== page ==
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Indications that Foreclosure Woes are not Over – HELOC Resetting and the Depletion of Savings

Foreclosures down from peak numbers, but there are signs foreclosures may spike again.

There is no doubt that foreclosure cases are far down from peak numbers during the crisis.  The economy has improved, although at a painfully slow pace.  The real estate market has rebounded generally and there are even hot markets throughout Florida, fueled largely by international cash buyers.  I’ve written about moving ahead and rebuilding but there are some disturbing indicators of another foreclosure setback in the coming years.

Thousands of homeowners suffering through the early years of foreclosure will no doubt begin to rebuild in coming years and many have already rebounded impressively.  Though we can celebrate signs of optimism and success, it’s worth examining some disturbing negative factors pointing to the conclusion that we’re not out of the foreclosure woods just yet.

HELOC resetting and other factors hinting at a new wave of potential foreclosures.

One issue gaining attention in the media concerns the resetting of interest rates many home equity line of credit (HELOC) borrowers will soon encounter.  A major contributor to the real estate crash and corresponding foreclosure crisis was the leveraging of increasing property values for HELOC cash.  These equity lines were used for a variety of purposes ranging from sound fiscal strategy to wildly reckless speculation.  In 2015, we can expect an initial wave of adjustable rate mortgages to reset with higher monthly payments resulting.  From my experience representing hundreds of distressed homeowners, I can testify that significant segments of the population are getting by financially with little to no margin for error or cushion to absorb even minor increases in their payment obligations.

Further compounding the problem is the persistently high unemployment rate.  The Department of Labor, who generates employment data, and economists tell us that the true rate is always higher than the reported rate because the uncounted masses who drop out from job searching.  Many of our long-term foreclosure clients have been unable to successfully complete a loan modification because one or both household contributors remain unemployed or under-employed to consistently make the mortgage payments.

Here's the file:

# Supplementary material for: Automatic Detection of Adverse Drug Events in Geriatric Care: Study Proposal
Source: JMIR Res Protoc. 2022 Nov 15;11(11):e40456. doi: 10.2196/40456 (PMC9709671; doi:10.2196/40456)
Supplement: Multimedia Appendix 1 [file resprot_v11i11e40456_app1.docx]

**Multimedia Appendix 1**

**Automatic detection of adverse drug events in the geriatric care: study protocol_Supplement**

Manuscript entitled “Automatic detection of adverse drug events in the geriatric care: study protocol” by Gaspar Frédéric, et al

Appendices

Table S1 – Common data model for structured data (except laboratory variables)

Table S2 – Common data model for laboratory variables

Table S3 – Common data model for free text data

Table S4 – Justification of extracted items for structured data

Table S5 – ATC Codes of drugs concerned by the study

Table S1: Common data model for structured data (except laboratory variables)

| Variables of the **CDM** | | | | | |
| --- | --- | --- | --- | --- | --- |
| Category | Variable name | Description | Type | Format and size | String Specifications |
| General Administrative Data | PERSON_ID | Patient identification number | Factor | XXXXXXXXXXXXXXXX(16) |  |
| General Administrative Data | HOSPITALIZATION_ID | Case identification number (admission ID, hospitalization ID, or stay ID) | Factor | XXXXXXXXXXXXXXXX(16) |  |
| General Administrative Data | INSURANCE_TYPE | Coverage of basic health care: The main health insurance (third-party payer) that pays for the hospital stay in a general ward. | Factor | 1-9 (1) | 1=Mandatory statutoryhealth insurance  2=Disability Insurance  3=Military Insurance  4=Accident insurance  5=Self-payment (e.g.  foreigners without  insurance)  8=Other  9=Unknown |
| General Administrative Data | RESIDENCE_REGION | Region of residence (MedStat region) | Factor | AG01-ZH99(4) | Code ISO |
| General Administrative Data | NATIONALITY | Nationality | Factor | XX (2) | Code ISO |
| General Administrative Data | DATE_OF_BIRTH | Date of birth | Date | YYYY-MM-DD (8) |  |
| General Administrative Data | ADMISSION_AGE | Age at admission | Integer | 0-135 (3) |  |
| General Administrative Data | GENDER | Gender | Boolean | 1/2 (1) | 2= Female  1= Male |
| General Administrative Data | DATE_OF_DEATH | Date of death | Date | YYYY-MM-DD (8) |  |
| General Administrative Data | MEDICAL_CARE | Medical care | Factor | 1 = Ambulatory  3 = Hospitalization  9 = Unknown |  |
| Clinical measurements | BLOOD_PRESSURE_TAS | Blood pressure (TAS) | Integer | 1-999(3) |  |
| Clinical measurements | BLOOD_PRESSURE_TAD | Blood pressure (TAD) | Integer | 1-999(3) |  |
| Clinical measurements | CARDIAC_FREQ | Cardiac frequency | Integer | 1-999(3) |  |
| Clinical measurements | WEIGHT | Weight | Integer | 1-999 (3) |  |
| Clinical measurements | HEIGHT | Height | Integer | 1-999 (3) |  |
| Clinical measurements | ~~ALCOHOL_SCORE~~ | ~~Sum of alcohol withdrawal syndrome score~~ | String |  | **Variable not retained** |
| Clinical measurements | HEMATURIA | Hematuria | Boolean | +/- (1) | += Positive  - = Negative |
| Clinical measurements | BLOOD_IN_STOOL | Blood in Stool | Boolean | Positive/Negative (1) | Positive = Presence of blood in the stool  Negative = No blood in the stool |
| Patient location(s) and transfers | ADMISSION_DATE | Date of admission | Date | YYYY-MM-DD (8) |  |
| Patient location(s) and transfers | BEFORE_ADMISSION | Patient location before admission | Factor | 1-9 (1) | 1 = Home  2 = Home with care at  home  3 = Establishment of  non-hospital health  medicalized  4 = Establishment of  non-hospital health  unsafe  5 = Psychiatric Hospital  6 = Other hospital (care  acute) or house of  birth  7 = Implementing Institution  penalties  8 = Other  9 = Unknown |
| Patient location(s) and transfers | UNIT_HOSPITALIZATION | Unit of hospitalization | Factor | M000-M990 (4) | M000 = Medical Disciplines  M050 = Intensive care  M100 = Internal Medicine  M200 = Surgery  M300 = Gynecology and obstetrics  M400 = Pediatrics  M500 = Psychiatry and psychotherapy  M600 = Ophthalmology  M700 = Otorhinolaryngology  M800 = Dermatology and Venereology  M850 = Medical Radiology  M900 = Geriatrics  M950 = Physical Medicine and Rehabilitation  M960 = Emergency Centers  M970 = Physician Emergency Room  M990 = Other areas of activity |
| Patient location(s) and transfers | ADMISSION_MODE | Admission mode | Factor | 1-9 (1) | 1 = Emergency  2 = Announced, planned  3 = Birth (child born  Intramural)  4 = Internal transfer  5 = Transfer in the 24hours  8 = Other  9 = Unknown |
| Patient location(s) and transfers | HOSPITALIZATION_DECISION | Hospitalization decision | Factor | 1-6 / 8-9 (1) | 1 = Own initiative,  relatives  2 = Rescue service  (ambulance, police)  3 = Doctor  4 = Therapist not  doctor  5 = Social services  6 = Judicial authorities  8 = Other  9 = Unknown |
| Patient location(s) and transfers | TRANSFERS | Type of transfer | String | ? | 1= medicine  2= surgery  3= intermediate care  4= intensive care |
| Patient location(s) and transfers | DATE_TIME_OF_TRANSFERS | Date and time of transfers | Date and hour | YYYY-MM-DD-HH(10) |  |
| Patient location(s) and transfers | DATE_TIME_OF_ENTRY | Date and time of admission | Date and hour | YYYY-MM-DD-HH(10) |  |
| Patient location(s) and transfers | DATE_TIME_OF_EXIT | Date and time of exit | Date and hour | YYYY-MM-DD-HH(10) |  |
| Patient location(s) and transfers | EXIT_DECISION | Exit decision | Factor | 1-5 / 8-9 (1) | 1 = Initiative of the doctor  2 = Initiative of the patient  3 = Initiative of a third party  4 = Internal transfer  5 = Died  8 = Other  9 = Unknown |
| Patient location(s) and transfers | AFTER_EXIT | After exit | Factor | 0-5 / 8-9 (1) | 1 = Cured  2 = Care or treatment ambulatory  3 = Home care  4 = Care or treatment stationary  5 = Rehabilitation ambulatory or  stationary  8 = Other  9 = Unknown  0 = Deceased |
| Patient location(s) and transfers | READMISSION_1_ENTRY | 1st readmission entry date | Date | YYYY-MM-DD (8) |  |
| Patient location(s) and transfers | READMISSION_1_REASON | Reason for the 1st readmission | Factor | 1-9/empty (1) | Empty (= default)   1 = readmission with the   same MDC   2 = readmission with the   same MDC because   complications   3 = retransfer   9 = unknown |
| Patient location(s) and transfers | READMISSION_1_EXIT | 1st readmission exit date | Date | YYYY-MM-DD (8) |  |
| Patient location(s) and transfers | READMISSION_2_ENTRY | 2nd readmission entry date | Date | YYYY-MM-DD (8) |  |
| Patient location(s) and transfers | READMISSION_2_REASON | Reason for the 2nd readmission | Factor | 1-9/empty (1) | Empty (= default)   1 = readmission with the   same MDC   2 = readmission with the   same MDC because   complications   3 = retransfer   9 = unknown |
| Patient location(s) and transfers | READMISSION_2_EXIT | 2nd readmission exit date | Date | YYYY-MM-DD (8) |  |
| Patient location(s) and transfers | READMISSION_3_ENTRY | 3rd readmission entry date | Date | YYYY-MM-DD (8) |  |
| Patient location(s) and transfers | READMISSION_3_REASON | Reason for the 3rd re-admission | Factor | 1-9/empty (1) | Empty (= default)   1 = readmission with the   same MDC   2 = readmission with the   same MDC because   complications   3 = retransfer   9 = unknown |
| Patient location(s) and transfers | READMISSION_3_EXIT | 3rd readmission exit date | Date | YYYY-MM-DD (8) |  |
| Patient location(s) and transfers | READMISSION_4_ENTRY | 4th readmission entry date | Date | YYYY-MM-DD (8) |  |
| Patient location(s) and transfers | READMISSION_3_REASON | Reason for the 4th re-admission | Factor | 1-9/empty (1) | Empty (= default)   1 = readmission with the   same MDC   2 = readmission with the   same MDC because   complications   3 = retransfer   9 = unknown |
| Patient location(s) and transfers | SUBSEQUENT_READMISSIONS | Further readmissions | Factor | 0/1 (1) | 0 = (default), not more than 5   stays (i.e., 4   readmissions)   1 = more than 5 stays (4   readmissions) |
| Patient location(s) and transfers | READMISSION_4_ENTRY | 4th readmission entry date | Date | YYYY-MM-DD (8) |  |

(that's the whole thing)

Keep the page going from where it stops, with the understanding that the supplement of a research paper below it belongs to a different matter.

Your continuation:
Another segment of the distressed homeowner population is about to join the foreclosure party late.  They have managed to continue paying over several years of economic crisis by a variety of means, including, unfortunately, by tapping into savings and retirement plans.  The widespread depletion of 401K and IRA accounts to pay the mortgage today has only added to another crisis in the making which involves people unable to retire and others outliving their retirement savings.  In recent months, we’ve had a number of new clients who valiantly did all they could to avoid foreclosure  for years before finally breaking down and defaulting.

HAMP and other forms of temporary relief.

A similar problem to the resetting of HELOC rates is the fact that the majority of loan modifications that helped avoid foreclosure were structured as temporary relief.  Through the federal program, HAMP, and other modification plans, we have seen many lender terms with increasing tiered rates of interest, such as a lower rate from years 1-5, higher for 6-10 and so on.  Unfortunately, principal reductions have not been part of the overwhelming majority of loan modifications.

The next wave of foreclosures will come from those who just can’t take it any longer.

Japan lived through a recession lasting more than a decade in which homeowners became prisoners of their castles, unable to sell and move because of their extreme upside down equity.  I have joined the chorus of many voices, including University of Arizona law professor, Brent White, who have advocated for strategic defaults when carefully considered and under the right circumstances.  It seems America
ns from a much more individualized society are more likely to decide to stop paying on horribly upside down properties before running out of money completely while our Japanese counterparts languish for the good of society.

Whether a default is “strategic” or borne of a literal inability to pay, being upside down makes default more likely.  Although property values have rebounded impressively in recent years, there still remain a great many properties lacking any equity with burdensome mortgage payment obligations.  Unless the economy continues to improve significantly and property values increase  further, we should expect continued waves of mortgage delinquencies and the resulting foreclosure filings.  At Widerman Malek Celebration Law Office, we stand ready to help the next wave of homeowners and investors, as we have helped hundreds before them.